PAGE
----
1 The Criminal Hypothetical and Other Unique Aspects of the Criminal Law Interview Process by Nicole Vikan and Jory H. Fisher Criminal law is a unique practice area with a distinctive interview process. Whether students choose to pursue prosecution, defense, or both during their job search, they will no doubt encounter challenging interview questions that are quite different from those faced during other public sector interviews. A small investment in preparation can make for a much more successful meeting and a future offer. So how can a student train for these interviews? From the Perspective of a Former Prosecutor First and foremost, students must know about the offices they are seeking to join. Each prosecutor s office will be known as a District, State, Commonwealth, or County Attorney s Office, 1 with one elected District Attorney and a staff of Assistant District Attorneys who prosecute all of the criminal cases in the region. Students should know the name of the District Attorney, which party he or she represents, and how long the District Attorney has been in office. This information should be available online and in local newspapers. Students should also research the size of the staff and how the office handles its caseload: Some offices prosecute vertically, with an Assistant District Attorney (ADA) handling a case from arrest through trial, and possibly through appeals as well. Other offices may prosecute horizontally, with different ADAs staffing intake, arraignment, grand juries, hearing and trial parts, and appeals thus passing a case along to be handled by a number of Assistants. In contrast to summer associate hiring at large law firms, interviews for summer internships with District Attorneys (DAs ) Offices are shorter, one-meeting processes. Summer jobs do not lead directly to offers for permanent positions, though gaining knowledge of an Office and making a positive impression will no doubt assist an applicant during the interview process. When a student applies for a permanent position at a DA s Office, 2 typically she or he will have three to four interviews: an initial meeting, which takes place with one interviewer and is perhaps half an hour; a panel interview, which consists of three or more interviewers and criminal hypothetical questions (discussed below); perhaps a third-round interview with a Director of Hiring or other Executive ADA, which may last up to two hours; and a final interview with the District Attorney, which is often short but during which the student must remain completely professional and poised. What questions should a student expect? Throughout the process, each student must be able to answer the critical question: Why do you want to be a prosecutor? The student should articulate 1 2 In this article these offices will all be referred to as District Attorneys Offices, though some may be known as State or County Attorneys Offices and the attorneys as Assistant State or County Attorneys. When students choose where to apply for post-graduate positions with DAs Offices, they must determine whether a given office will hire law graduates who have not yet taken or passed the state bar examination. The policies regarding bar exams vary, so students face tough choices as to whether they will wait for possible offers from offices that do not make hiring decisions until the bar exam results are released.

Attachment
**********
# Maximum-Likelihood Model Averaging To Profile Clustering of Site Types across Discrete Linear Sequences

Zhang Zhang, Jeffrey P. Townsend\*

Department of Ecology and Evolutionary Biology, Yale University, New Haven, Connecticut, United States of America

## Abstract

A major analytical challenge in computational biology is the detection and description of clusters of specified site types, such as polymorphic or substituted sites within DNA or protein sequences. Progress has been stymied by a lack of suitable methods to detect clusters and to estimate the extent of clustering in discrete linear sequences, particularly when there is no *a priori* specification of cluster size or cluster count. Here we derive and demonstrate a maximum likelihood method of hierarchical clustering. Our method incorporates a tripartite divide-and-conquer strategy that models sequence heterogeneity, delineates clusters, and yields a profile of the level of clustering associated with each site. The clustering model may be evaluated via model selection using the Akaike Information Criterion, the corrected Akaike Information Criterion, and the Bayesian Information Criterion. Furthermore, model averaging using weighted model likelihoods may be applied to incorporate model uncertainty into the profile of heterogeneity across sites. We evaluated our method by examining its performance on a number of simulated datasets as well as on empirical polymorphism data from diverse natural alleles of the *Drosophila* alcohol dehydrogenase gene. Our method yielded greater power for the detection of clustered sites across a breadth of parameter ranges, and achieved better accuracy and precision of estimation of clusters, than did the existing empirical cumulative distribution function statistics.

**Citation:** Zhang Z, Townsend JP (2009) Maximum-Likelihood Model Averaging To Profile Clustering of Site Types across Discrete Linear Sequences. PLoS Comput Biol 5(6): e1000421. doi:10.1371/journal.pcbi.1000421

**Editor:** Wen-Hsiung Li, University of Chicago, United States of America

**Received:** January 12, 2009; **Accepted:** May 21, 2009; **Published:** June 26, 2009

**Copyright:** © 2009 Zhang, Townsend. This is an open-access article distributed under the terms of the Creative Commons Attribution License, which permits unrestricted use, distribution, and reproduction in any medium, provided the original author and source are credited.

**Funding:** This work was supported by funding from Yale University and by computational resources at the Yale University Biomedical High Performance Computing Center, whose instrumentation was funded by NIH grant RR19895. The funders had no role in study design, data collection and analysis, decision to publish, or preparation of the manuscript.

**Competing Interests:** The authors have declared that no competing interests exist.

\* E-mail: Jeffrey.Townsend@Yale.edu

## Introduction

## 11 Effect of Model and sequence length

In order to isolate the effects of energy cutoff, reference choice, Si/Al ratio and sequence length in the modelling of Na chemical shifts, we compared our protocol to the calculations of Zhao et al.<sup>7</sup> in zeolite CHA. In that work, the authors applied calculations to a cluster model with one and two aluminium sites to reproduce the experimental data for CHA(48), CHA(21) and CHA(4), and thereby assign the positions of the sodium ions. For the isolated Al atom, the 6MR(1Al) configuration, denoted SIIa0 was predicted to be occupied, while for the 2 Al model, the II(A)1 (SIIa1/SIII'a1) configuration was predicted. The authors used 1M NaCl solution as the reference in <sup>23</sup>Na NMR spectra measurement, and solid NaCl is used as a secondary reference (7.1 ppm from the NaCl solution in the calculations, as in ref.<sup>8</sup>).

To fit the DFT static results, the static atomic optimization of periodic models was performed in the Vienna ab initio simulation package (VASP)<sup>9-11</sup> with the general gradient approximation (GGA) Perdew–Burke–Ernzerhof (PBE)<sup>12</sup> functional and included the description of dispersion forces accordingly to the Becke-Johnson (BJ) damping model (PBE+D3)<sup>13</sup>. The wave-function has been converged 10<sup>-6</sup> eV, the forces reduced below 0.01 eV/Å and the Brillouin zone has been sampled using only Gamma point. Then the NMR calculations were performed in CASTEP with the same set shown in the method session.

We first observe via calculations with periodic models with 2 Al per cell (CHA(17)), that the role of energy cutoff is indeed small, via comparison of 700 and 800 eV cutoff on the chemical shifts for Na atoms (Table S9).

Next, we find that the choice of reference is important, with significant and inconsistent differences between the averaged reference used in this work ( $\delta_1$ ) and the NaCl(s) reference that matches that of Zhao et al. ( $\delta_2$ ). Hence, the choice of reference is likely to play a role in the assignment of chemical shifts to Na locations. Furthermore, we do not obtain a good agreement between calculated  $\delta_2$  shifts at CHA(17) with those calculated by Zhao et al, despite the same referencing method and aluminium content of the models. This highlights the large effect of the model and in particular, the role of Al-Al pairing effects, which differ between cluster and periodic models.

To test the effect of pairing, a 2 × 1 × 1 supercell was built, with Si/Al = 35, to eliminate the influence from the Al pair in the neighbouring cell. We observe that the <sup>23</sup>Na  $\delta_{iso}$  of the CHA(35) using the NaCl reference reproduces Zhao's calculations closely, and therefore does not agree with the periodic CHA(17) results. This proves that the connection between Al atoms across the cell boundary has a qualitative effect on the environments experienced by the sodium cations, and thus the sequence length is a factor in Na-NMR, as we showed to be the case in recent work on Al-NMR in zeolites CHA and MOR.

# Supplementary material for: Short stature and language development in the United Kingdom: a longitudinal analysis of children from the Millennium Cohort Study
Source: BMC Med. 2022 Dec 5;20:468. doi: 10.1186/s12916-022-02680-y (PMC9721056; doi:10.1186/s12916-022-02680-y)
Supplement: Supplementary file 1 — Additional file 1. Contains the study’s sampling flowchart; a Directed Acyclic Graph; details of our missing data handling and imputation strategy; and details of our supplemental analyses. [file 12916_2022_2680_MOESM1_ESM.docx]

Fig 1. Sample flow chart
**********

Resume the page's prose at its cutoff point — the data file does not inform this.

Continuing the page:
2 why his or her experiences and education led to the decision to prosecute. A record of criminal law-related classes (Criminal Law, Criminal Procedure, Constitutional Law, Evidence, Trial Advocacy) and clinics displays interest. Public sector employment and volunteer work demonstrate a commitment to public service. Many interviewers will appreciate prior clinical or internship work with public defenders offices, as long as the student can explain why she or he chose those experiences and is committed to prosecuting. Even a student with a demonstrated record of public interest work must verbalize why she or he has selected prosecution instead of another form of public service work. The candidate must also address the question: Why do you want to prosecute in this office? Students who are dedicated to prosecutorial work should apply to as many offices as possible, although they should research the District Attorneys and their policies because offices can vary significantly in terms of which crimes receive more attention and resources. In New York City, each of the five boroughs (the Bronx, Brooklyn, Manhattan, Queens, Staten Island) hires separately, and students are often questioned about where they would choose to go if given multiple offers. A suggested answer could be as follows: If I am fortunate enough to have such options, I would consider where I would start off in each office and think about the people I met during the interview process. From my research thus far, I am particularly interested in your office because.... The respondent could continue by praising a unique program for victims of domestic violence, a novel drug treatment approach, a vertical prosecution system, or even the respondent s childhood in the area and desire to make an impact on her hometown. Students must also be prepared to tackle the economic and practical day-to-day realities of being an ADA. A student interested in becoming an ADA should consider his or her financial situation before an interview and be candid about his or her ability to handle the salary offered. The candidate must recognize that he or she will not have a personal secretary and will be answering his/her own phone, making his/her own photocopies, and paying for his/her own dinners on late nights. (When I was an ADA, we paid $60 each for the annual Holiday Party.) Students may be asked about their awareness of these aspects of government work, and acknowledging that they know of these challenges and are positive nonetheless will make a good impression. The Criminal Hypothetical is the most unique and often dreaded aspect of interviewing with District Attorneys Offices. Hypotheticals often do not have clear legal answers; the interviewer is assessing the student s ability to issue-spot and address legal and ethical concerns. Candidates should address opposing viewpoints to show that they understand the multiple issues, but they must make decisions when asked to do so, and demonstrate that they can stand up for their choices when challenged. Below are a few recurring hypotheticals. Keep in mind that the responses are merely suggestions of issues to discuss. Hypothetical #1: Question: You are prepared to try a case in which the defendant is accused of driving while intoxicated and injuring a blind man. Your only witness to the alleged crime is an elderly woman, but you are confident that she has identified the defendant accurately and that he is guilty of the crimes charged. The defendant repeatedly turns down your offer of one to three years of jail and he faces up to seven years if convicted after trial. On the morning of the trial, you learn that your witness has died. As you are walking up the courthouse steps, the defense attorney races toward you and says, My client has changed his mind and wants the one to three year offer! What do you do? Response: How did the woman die? In a suspicious manner? Question: No, she had a heart attack. That s not an issue.